Mark Sundeen’s quest to find Daniel Suelo again and to study the life he has chosen is the subject of his latest book, “The Man Who Quit Money.” Part biography, part examination of economics and philosophy, the book traces Suelo’s journey from his upbringing in a fundamentalist Christian home in Colorado, through college in Boulder, to a stint in the Peace Corps in Ecuador. Using correspondence from family and friends, Sundeen reconstructs Suelo’s early days and the beginnings of his unconventional life.

Sundeen also examines America’s consumer-driven culture, and its apparent fear and distrust of any other kind of life. “Begging may be the most shameful act in America,” he writes. “It’s how we define failure: if you don’t work hard and get good grades, you’ll end up on the street, panhandling for change.” Sundeen cites examples of different Eastern religions in which holy men who have pledged to a life of poverty receive respect from their communities, in addition to the alms they are given. Daniel Suelo does not panhandle. He doesn’t visit shelters for meals or lodging. But there is a kind of holiness in the foraging he does from nature, the meals he is able to create from a dumpster.  “My philosophy is to use only what is freely given or discarded,” he writes, “and what is already present and already running.”

Not everyone need renounce all possessions and head for the desert. But The Man Who Quit Money suggests it might be useful to consider whether we really need everything we have. And perhaps those who accumulate fewer material possessions over their lifetimes should be respected rather than disdained. Suelo has said, “I don’t expect everybody to live in a cave and Dumpster-dive. I do implore everybody to take only what they know in their own hearts that they need, and give up excess to those who have less than they need.”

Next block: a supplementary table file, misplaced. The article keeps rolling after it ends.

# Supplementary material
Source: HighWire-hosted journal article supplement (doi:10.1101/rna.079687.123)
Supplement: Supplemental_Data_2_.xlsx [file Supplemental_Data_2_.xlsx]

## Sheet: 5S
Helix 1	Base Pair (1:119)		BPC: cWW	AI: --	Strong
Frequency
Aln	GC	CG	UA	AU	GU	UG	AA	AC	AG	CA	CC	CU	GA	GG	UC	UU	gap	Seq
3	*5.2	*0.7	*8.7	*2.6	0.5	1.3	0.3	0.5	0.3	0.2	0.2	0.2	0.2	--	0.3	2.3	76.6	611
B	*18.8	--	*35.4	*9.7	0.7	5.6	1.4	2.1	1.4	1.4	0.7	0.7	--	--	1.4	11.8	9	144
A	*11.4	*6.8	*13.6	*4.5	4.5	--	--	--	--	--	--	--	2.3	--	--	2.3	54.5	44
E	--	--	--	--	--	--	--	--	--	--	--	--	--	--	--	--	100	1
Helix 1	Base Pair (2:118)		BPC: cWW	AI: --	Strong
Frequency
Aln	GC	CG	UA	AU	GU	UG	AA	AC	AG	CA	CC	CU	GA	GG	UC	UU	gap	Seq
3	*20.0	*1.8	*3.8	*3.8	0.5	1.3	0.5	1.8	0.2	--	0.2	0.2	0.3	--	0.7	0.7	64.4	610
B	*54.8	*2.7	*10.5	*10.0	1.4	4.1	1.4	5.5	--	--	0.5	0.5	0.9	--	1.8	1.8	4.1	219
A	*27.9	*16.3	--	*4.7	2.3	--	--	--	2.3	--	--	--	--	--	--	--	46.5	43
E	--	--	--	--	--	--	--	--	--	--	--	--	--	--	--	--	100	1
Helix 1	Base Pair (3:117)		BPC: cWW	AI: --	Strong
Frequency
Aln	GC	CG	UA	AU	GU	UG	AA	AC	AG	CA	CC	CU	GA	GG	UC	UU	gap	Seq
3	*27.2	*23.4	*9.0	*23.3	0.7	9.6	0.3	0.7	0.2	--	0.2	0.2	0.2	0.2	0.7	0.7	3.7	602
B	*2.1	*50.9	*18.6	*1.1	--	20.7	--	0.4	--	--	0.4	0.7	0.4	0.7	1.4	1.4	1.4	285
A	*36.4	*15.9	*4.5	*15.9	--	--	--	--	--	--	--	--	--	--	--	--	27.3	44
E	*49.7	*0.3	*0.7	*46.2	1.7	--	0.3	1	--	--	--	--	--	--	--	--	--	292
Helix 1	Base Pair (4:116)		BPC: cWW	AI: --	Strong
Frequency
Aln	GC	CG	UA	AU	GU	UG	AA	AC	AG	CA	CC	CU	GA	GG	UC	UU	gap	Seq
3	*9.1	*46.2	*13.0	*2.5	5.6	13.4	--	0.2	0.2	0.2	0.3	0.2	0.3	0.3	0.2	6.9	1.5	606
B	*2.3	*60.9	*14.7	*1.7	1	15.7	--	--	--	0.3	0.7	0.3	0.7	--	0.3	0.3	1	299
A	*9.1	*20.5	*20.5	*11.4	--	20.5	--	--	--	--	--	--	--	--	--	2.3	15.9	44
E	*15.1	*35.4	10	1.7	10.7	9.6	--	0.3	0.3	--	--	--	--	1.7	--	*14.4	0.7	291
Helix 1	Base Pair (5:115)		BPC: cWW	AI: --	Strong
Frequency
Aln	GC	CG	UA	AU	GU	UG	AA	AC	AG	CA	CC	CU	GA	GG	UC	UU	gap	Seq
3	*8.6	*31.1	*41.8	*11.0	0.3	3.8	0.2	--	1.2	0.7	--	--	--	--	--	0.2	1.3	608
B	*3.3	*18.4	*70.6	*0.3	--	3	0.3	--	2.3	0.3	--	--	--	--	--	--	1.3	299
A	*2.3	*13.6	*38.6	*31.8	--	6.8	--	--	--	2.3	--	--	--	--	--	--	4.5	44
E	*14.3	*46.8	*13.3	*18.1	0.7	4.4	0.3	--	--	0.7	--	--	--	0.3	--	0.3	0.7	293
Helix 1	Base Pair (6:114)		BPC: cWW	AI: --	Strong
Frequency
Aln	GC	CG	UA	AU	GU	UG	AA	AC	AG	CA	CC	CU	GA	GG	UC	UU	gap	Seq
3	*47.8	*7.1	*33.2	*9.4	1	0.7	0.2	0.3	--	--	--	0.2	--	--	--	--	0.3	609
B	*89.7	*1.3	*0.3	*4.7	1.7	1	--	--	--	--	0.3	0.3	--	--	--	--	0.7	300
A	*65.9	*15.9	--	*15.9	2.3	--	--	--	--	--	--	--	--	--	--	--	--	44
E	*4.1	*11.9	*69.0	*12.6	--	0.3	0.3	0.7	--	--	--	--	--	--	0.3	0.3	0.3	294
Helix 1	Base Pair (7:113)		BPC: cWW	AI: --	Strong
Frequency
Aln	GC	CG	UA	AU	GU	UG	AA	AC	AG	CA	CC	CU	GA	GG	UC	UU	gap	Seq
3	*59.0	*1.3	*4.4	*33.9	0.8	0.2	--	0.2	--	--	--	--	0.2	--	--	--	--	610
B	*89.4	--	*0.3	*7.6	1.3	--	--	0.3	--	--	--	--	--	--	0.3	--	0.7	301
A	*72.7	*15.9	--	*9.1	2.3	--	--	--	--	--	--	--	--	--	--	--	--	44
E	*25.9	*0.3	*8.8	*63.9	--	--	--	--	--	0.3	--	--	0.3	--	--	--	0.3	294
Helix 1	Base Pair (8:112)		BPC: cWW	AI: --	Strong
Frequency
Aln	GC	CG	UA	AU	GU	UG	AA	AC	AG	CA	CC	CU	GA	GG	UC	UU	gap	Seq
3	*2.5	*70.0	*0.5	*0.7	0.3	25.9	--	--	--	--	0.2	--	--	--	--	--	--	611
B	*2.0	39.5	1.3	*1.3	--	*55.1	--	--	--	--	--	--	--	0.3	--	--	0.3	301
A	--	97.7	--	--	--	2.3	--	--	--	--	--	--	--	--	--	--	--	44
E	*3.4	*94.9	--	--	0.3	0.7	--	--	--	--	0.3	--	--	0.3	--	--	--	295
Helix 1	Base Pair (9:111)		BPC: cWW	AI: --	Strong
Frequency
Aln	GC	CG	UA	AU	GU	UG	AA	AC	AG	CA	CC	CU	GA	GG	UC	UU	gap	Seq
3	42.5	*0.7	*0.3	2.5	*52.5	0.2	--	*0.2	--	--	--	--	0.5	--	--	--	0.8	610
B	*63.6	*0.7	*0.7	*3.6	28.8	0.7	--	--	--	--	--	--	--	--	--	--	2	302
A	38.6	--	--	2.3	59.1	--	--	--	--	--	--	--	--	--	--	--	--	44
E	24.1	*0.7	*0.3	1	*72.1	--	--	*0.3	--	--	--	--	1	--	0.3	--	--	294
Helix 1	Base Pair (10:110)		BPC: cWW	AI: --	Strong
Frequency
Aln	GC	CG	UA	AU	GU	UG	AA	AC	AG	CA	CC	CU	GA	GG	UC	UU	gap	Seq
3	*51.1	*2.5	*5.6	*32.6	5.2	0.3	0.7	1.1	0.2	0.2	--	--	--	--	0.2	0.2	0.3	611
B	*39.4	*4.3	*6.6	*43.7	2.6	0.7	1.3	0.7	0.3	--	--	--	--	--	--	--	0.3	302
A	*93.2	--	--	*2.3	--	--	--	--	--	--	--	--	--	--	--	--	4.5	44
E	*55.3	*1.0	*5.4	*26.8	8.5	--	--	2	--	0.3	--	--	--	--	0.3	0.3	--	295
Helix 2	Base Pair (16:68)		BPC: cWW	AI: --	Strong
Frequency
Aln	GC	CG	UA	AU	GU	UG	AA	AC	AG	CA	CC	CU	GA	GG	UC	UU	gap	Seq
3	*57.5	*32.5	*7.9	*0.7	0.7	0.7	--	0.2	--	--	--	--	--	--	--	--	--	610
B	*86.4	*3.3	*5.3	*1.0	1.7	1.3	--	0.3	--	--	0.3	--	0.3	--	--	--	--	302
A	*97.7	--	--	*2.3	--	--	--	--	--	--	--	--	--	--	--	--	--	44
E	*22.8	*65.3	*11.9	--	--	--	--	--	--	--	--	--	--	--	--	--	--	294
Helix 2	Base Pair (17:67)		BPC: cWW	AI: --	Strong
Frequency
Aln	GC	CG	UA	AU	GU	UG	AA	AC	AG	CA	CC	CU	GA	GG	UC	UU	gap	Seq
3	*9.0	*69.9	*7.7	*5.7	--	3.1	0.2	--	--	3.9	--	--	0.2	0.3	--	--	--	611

When Daniel Suelo agreed to go forward with Sundeen’s book project, it was important to him that people who had no money to buy the book would still get a chance to read it. That is how Mark Sundeen came to contact Street Books, Portland’s bicycle-powered mobile library that serves people living outside. “Could you offer the books to your patrons?” Sundeen wondered. His publisher sent us free copies of the book, and the first Street Books patron to read the book is Mark Hubbell, who said he enjoyed reading it, and wrote this summary:

“In this society where most of the national identity is enmeshed with the idea of material property (which the 14th Amendment guarantees), one man who believes that “money is illusion and that attachment to that illusion makes us illusion” has found what the oldest of civilizations have known all along, life simply is.”

Laura Moulton is a writer and teacher in Portland. She is a street librarian at Street Books, a bicycle-powered mobile library, serving people who live outside. More information can be found at streetbooks.org .